You’re Not Listening: What You’re Missing and Why It Matters Hardcover
“If you’re like most people, you don’t listen as often or as well as you’d like. There’s no one better qualified than a talented journalist to introduce you to the right mindset and skillset―and this book does it with science and humor.”
-Adam Grant, #1 New York Times bestselling author of Originals and Give and Take
**Hand picked by Malcolm Gladwell, Adam Grant, Susan Cain, and Daniel Pink for Next Big Ideas Club**
“An essential book for our times.”
-Lori Gottlieb, New York Times bestselling author of Maybe You Should Talk to Someone
At work, we’re taught to lead the conversation.
On social media, we shape our personal narratives.
At parties, we talk over one another. So do our politicians.
We’re not listening.
And no one is listening to us.
Despite living in a world where technology allows constant digital communication and opportunities to connect, it seems no one is really listening or even knows how. And it’s making us lonelier, more isolated, and less tolerant than ever before. A listener by trade, New York Times contributor Kate Murphy wanted to know how we got here.
In this always illuminating and often humorous deep dive, Murphy explains why we’re not listening, what it’s doing to us, and how we can reverse the trend. She makes accessible the psychology, neuroscience, and sociology of listening while also introducing us to some of the best listeners out there (including a CIA agent, focus group moderator, bartender, radio producer, and top furniture salesman). Equal parts cultural observation, scientific exploration, and rousing call to action that’s full of practical advice, You’re Not Listening is to listening what Susan Cain’s Quiet was to introversion. It’s time to stop talking and start listening.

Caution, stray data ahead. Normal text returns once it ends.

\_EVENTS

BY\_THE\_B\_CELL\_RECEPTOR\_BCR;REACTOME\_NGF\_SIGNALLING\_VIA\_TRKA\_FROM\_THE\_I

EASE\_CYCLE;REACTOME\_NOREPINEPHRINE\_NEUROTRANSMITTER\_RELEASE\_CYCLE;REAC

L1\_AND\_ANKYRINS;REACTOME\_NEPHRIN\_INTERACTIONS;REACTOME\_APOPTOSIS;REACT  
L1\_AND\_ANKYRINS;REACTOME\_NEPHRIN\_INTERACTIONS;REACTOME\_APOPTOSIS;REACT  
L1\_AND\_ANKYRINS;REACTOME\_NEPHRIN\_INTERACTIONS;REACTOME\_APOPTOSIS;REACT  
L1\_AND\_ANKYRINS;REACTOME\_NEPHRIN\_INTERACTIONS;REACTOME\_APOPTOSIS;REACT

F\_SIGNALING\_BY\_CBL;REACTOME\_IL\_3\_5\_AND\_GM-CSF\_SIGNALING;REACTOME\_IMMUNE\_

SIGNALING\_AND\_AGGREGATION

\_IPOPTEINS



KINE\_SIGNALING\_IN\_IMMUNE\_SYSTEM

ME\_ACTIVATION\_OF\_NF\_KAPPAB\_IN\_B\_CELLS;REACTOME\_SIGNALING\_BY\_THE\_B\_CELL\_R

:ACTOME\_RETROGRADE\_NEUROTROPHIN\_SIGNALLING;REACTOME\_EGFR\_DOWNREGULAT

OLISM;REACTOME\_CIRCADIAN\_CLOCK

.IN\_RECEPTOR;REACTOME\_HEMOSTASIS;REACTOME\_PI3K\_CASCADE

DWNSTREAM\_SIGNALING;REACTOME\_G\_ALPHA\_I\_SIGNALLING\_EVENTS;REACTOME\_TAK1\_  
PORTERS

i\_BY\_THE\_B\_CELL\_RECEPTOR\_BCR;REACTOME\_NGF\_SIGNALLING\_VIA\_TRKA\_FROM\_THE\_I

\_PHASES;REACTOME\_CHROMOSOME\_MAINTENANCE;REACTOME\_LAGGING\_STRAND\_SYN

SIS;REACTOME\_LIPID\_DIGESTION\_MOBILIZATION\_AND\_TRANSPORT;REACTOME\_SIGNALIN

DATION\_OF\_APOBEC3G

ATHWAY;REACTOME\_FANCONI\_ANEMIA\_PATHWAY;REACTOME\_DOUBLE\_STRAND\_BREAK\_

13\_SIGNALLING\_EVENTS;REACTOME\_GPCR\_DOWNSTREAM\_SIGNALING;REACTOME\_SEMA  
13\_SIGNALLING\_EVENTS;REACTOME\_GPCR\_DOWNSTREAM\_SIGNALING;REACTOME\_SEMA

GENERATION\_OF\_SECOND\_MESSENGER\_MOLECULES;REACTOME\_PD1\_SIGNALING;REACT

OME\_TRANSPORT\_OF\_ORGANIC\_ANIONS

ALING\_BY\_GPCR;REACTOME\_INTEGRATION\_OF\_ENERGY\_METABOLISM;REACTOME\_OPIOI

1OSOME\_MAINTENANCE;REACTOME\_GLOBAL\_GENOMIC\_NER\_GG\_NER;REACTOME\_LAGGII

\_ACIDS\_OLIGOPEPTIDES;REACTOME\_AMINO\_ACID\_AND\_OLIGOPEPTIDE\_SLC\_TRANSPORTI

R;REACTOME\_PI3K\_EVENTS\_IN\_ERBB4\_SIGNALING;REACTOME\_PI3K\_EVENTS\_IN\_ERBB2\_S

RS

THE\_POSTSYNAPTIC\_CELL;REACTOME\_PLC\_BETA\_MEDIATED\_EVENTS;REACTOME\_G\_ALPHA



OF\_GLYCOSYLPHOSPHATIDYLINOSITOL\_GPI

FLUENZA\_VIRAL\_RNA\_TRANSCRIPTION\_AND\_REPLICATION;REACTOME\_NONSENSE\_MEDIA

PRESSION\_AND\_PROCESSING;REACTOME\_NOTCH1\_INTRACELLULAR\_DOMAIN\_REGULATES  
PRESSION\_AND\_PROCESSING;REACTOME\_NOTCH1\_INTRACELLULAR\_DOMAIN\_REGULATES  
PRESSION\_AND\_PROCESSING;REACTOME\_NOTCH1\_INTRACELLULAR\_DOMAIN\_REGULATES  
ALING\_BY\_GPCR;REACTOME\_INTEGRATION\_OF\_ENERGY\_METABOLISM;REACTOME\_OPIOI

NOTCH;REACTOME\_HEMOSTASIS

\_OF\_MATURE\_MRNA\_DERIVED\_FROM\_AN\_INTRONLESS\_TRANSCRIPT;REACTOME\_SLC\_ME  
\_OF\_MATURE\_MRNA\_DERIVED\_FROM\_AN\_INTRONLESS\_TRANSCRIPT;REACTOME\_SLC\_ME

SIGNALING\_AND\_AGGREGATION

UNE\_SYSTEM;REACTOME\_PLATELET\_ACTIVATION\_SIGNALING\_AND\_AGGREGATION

From the Publisher
New York Times Contributor Kate Murphy Draws Attention to the Worldwide Epidemic of Not Listening
How did you get the idea to write this book?
As a journalist, I listen for a living, and, increasingly, I noticed that people I interviewed seemed surprised, almost taken aback, that I was actually paying attention to what they said. They began telling me profoundly personal things, wholly unrelated to the stories I was writing, as if they’d been long waiting for the opportunity. And these were very successful, well-connected people—not lacking for company, but apparently lacking for listeners. They would always thank me for listening, and also often apologize for unloading. It happened with such regularity, it made me think this was something worth investigating.
What does it mean to be a good listener?
What I found is that rather than being a checklist of dos and don’ts, listening is more a state of mind. It’s about getting yourself in a receptive mode and also developing an awareness of the kinds of things that hijack your attention, cloud your perception, and make you zone out during a conversation. And, just as importantly, listening has to do with how well you respond—the degree to which you are able to encourage and elicit the clear expression of someone else’s thoughts. It’s both an art and a skill.
How do we balance planning what to say next and listening to the person talking?
A better response will come to you when you have taken in all that the other person has to say. Then, pause if you need to after the other person concludes to think about what you want to say. And if you’re still at a loss, it’s okay to say, “I don’t know what to say.” You can also say, “I’d like to think about that,” which conveys that you’re honoring what the other person said by taking time to think about it, while, at the same time, honoring that part of you that is uncertain or anxious and needs time to process. Better that, than responding in a way that is insensitive or misses the point.